The final design of the cultural laboratory at St Matthews’ school Cambridge is nearly upon us. A few adjustments left, nip-tuck, and it’s done. Looking at the design as it stands, it reminds me of the humble beginnings of MUD, on the day I proposed an idea to Tony Davies, the school’s visionary head-teacher. Tony had revealed the new school plan in a number of parents meetings: old 60s buildings were going to be knocked down and replaced by brand new pre-fabricated blocks to increase the school capacity from two classes per year to three , and to avoid the ritual breathe-squeeze-and-push bottle-neck school entry every morning. There was going to be a larger playground, more space for the children to roam. My seven year old daughter goes to St Matthews, so I attended all the meetings.
Cambridge being Cambridge you’re bound to bump into an academic sooner or later and have a conversation on a topic you never thought you would. I met Tony – not an academic – in a party, the summer before my daughter went to school. He was wearing a pair of ripped jeans and a T-shirt. We talked about beer, philosophy, Brixton, the way people drive in Tehran, and ended up with school uniforms. I don’t like school uniforms. My first significant moment of rebellion was at Reception when as a five year old boy I took off my navy-blue-cardigan-uniform and ran into the playground punching the air for victory. “We don’t have uniforms at my school”, Tony said and he went on to reveal that he is the head-teacher at St Matthews. On his first day in his new job, just as he was leaving home, Tony noticed a large empty box in the hall. He decided to take it with him. At 9 AM, the whole school met their new head-teacher for the first time, jumping out of a box on the stage of the assembly hall.
Later I talked to our host Dr Luke Skinner a research fellow at the Department of Earth Sciences, University of Cambridge. He was thin and tall. His daughter went to the same nursery as my daughter. His speciality was in marine sediments and millenial climate change. He explained it to me in simple terms: basically, you dig up mud from the bottom of the ocean and then, in the laboratory, you isolate microscopic fossils that have formed over millions of years and, by analysing their chemical make-up, you begin to construct a narrative of climate change in the past. Why mud? Because mud is basically dust that has settled on top of the ocean and gradually, slowly found its way to the bottom. Dust contains many characteristics including chemical atmosphere which eventually solidifies in and around marine sediments.
Perhaps it was no accident that the initial idea for MUD was formed in my head after the encounter with Tony and Luke. Walking around the school and looking at the tired spaces built in the 60s, I pictured them being knocked down – earth, rubble and dust – and within all that lay the secrets of everyone who had attended the school over decades, as pupils and teachers and dinner ladies and janitors and parents and grand-parents. Here was a chance to capture their narratives and to house them in a newly created space in the school. Initially, the idea of creating a structure with the rubble from the old buildings came to mind, the building itself, so to speak, being made of the past, literally. Our intention, however, was not to create a monument nor just an archive centre but something that was more about providing the possibility of re-interpreting the past, a way of both creating and amassing a narrative and at the same time critiquing and re-examining it.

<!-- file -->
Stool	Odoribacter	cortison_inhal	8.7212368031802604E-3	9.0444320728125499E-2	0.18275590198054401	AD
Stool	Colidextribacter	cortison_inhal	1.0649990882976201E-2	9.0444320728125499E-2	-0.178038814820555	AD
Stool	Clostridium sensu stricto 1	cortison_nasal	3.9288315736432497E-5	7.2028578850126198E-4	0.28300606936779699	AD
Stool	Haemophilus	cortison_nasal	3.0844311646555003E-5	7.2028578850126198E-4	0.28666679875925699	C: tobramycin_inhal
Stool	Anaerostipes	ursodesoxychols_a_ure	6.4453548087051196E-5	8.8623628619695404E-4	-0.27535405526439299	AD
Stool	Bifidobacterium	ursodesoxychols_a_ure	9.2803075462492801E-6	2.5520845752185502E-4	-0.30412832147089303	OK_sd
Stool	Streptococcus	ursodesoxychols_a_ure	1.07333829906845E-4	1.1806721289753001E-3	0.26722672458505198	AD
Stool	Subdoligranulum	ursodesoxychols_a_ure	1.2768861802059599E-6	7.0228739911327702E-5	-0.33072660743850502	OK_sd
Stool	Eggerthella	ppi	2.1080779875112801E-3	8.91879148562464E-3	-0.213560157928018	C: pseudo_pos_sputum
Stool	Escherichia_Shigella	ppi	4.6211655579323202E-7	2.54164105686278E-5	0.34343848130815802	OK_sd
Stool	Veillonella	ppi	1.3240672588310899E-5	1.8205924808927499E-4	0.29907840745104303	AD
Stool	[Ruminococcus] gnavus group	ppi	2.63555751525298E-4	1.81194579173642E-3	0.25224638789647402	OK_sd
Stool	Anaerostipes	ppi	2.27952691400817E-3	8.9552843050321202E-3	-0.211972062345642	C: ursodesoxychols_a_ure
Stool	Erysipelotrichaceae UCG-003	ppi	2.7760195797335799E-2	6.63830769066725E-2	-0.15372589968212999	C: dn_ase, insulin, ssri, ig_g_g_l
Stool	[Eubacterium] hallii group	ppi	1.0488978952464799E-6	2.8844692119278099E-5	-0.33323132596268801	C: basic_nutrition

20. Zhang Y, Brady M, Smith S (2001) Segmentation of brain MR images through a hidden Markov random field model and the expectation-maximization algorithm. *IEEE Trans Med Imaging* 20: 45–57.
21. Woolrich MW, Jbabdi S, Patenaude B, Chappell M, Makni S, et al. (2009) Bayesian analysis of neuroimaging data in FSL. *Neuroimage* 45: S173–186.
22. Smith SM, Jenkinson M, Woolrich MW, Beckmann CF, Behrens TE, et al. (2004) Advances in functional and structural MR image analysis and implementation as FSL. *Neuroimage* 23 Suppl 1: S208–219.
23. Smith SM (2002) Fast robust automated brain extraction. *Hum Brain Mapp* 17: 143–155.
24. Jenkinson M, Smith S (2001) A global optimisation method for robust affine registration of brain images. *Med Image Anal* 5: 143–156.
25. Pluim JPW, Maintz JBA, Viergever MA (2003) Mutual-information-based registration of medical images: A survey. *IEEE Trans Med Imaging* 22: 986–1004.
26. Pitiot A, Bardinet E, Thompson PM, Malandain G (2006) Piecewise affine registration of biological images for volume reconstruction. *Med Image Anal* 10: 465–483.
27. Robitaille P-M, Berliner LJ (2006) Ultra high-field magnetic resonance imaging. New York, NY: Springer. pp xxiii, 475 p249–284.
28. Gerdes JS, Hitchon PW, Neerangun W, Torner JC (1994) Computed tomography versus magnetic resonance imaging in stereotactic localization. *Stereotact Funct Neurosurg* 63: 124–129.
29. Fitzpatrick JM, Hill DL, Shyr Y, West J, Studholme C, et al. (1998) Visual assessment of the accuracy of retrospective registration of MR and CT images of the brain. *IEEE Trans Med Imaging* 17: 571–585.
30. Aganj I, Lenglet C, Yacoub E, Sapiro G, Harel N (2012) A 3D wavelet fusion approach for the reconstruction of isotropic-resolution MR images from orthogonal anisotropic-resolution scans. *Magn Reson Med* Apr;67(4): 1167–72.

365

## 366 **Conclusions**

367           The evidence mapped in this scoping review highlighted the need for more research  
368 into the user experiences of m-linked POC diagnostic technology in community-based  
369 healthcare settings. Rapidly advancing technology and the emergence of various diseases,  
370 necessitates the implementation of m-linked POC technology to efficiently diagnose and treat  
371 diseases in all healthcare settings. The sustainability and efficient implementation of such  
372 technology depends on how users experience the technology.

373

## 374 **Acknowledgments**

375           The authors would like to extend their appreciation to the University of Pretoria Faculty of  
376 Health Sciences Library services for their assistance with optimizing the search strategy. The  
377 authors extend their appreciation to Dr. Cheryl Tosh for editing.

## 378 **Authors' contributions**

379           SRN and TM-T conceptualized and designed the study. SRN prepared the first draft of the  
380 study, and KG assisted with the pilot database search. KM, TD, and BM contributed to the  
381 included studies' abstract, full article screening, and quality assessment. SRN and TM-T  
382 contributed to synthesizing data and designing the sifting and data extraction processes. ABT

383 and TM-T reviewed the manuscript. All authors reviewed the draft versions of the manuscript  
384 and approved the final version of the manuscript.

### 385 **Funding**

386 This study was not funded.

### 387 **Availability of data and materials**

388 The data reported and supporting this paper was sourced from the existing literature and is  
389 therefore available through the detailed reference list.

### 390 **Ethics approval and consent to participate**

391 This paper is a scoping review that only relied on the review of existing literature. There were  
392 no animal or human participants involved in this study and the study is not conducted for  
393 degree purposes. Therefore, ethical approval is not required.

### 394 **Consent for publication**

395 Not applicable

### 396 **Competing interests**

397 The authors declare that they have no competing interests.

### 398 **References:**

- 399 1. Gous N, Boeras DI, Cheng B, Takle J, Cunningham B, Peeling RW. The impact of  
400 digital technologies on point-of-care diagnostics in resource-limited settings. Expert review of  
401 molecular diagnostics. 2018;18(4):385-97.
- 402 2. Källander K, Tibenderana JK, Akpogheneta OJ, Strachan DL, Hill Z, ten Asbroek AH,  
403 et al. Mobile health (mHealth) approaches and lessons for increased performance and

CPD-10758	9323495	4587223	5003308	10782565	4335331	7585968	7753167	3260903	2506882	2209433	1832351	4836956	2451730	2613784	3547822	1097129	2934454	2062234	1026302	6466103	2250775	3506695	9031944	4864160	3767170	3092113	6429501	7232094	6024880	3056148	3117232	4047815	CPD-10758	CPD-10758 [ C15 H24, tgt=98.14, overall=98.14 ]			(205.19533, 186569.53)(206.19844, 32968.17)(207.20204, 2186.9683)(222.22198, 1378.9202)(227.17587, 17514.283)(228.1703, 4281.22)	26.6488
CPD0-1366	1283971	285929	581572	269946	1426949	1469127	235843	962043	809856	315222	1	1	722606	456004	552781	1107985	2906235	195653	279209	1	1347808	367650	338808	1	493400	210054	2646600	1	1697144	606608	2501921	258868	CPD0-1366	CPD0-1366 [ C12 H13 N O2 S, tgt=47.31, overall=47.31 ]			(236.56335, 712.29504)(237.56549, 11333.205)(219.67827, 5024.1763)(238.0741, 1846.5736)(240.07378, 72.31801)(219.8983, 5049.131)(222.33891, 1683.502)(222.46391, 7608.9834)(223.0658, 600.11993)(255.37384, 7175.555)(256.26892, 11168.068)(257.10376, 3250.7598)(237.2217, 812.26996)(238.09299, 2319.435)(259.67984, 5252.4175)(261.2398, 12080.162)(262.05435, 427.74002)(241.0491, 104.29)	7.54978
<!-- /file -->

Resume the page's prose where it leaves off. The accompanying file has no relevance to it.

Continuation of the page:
Luke made an appearance on Radio 4’s Today programme recently, and was pressed by John Humphries to come up with a definite explanation on the causes of global warming, which to his credit, he refused. He kept insisting that the data they collect, provides them with the possibility of interpretations, not one, but many. The importance, he stressed, was not to arrive at the key explanation, but to sustain a healthy curiosity, a desire to challenge and discover. In his work, he deals with the concrete material of mud and marine sediments, the more conceived world of chemical narratives and millions of years of climate change and, a third space where the relationship between the concrete and the conceived is constantly questioned, re-formed and re-manufactured.
Before approaching Tony, I contacted Torange Khonsari from public works, an architectural practice based in London we have been working with for seven years. Torange, her colleague Andreas Lang and I got talking. In the end, we thought we would suggest the creation of a temporary structure and research and develop ideas around that. “A permanent structure would be great but it’s unlikely that the school would go with it”, thought Torange.
Every morning, Tony stands in the middle of the school car-park/entrance facing the early on-rush of human traffic – boys, girls, parents, grandparents, bikes, scooters, cars. He meets and greets; a conversation here, a conversation there. I walk my daughter in. On the way out I get hold of him and tell him about MUD. He listens, he says hello to a few more parents and makes sure the gates are closed. He tells me it’s a great idea, “why a temporary structure though?”
Later I call Torange : “He wants a permanent structure.”